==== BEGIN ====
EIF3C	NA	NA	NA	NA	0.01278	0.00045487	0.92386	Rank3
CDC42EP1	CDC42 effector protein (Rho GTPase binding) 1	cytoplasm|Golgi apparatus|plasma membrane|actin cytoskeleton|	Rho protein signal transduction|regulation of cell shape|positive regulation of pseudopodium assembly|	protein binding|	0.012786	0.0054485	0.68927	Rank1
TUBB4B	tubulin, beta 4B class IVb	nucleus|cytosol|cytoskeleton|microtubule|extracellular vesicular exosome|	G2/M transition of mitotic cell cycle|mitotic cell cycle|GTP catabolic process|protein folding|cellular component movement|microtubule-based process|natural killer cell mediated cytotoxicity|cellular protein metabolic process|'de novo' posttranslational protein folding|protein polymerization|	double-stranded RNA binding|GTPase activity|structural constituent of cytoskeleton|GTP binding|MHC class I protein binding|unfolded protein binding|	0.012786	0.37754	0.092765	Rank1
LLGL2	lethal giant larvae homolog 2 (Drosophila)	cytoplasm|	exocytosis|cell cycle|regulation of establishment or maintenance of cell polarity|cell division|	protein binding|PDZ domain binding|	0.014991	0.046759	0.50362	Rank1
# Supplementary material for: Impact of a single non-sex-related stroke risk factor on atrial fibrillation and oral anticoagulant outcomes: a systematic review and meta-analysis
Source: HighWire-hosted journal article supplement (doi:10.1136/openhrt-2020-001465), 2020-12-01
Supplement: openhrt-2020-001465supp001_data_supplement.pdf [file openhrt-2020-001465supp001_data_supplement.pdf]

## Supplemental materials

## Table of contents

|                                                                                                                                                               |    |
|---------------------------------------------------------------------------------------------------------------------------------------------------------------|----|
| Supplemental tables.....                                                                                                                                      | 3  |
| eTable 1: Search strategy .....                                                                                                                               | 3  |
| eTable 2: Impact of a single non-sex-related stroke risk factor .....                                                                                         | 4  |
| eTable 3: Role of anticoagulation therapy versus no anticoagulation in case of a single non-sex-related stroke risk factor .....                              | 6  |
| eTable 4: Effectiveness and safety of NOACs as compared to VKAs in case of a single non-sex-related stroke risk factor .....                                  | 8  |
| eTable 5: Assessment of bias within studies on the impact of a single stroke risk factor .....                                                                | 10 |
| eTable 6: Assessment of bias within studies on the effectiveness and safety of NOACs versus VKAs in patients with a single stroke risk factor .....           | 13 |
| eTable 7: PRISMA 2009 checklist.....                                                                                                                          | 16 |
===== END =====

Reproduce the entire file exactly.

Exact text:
EIF3C	NA	NA	NA	NA	0.01278	0.00045487	0.92386	Rank3
CDC42EP1	CDC42 effector protein (Rho GTPase binding) 1	cytoplasm|Golgi apparatus|plasma membrane|actin cytoskeleton|	Rho protein signal transduction|regulation of cell shape|positive regulation of pseudopodium assembly|	protein binding|	0.012786	0.0054485	0.68927	Rank1
TUBB4B	tubulin, beta 4B class IVb	nucleus|cytosol|cytoskeleton|microtubule|extracellular vesicular exosome|	G2/M transition of mitotic cell cycle|mitotic cell cycle|GTP catabolic process|protein folding|cellular component movement|microtubule-based process|natural killer cell mediated cytotoxicity|cellular protein metabolic process|'de novo' posttranslational protein folding|protein polymerization|	double-stranded RNA binding|GTPase activity|structural constituent of cytoskeleton|GTP binding|MHC class I protein binding|unfolded protein binding|	0.012786	0.37754	0.092765	Rank1
LLGL2	lethal giant larvae homolog 2 (Drosophila)	cytoplasm|	exocytosis|cell cycle|regulation of establishment or maintenance of cell polarity|cell division|	protein binding|PDZ domain binding|	0.014991	0.046759	0.50362	Rank1
# Supplementary material for: Impact of a single non-sex-related stroke risk factor on atrial fibrillation and oral anticoagulant outcomes: a systematic review and meta-analysis
Source: HighWire-hosted journal article supplement (doi:10.1136/openhrt-2020-001465), 2020-12-01
Supplement: openhrt-2020-001465supp001_data_supplement.pdf [file openhrt-2020-001465supp001_data_supplement.pdf]

## Supplemental materials

## Table of contents

|                                                                                                                                                               |    |
|---------------------------------------------------------------------------------------------------------------------------------------------------------------|----|
| Supplemental tables.....                                                                                                                                      | 3  |
| eTable 1: Search strategy .....                                                                                                                               | 3  |
| eTable 2: Impact of a single non-sex-related stroke risk factor .....                                                                                         | 4  |
| eTable 3: Role of anticoagulation therapy versus no anticoagulation in case of a single non-sex-related stroke risk factor .....                              | 6  |
| eTable 4: Effectiveness and safety of NOACs as compared to VKAs in case of a single non-sex-related stroke risk factor .....                                  | 8  |
| eTable 5: Assessment of bias within studies on the impact of a single stroke risk factor .....                                                                | 10 |
| eTable 6: Assessment of bias within studies on the effectiveness and safety of NOACs versus VKAs in patients with a single stroke risk factor .....           | 13 |
| eTable 7: PRISMA 2009 checklist.....                                                                                                                          | 16 |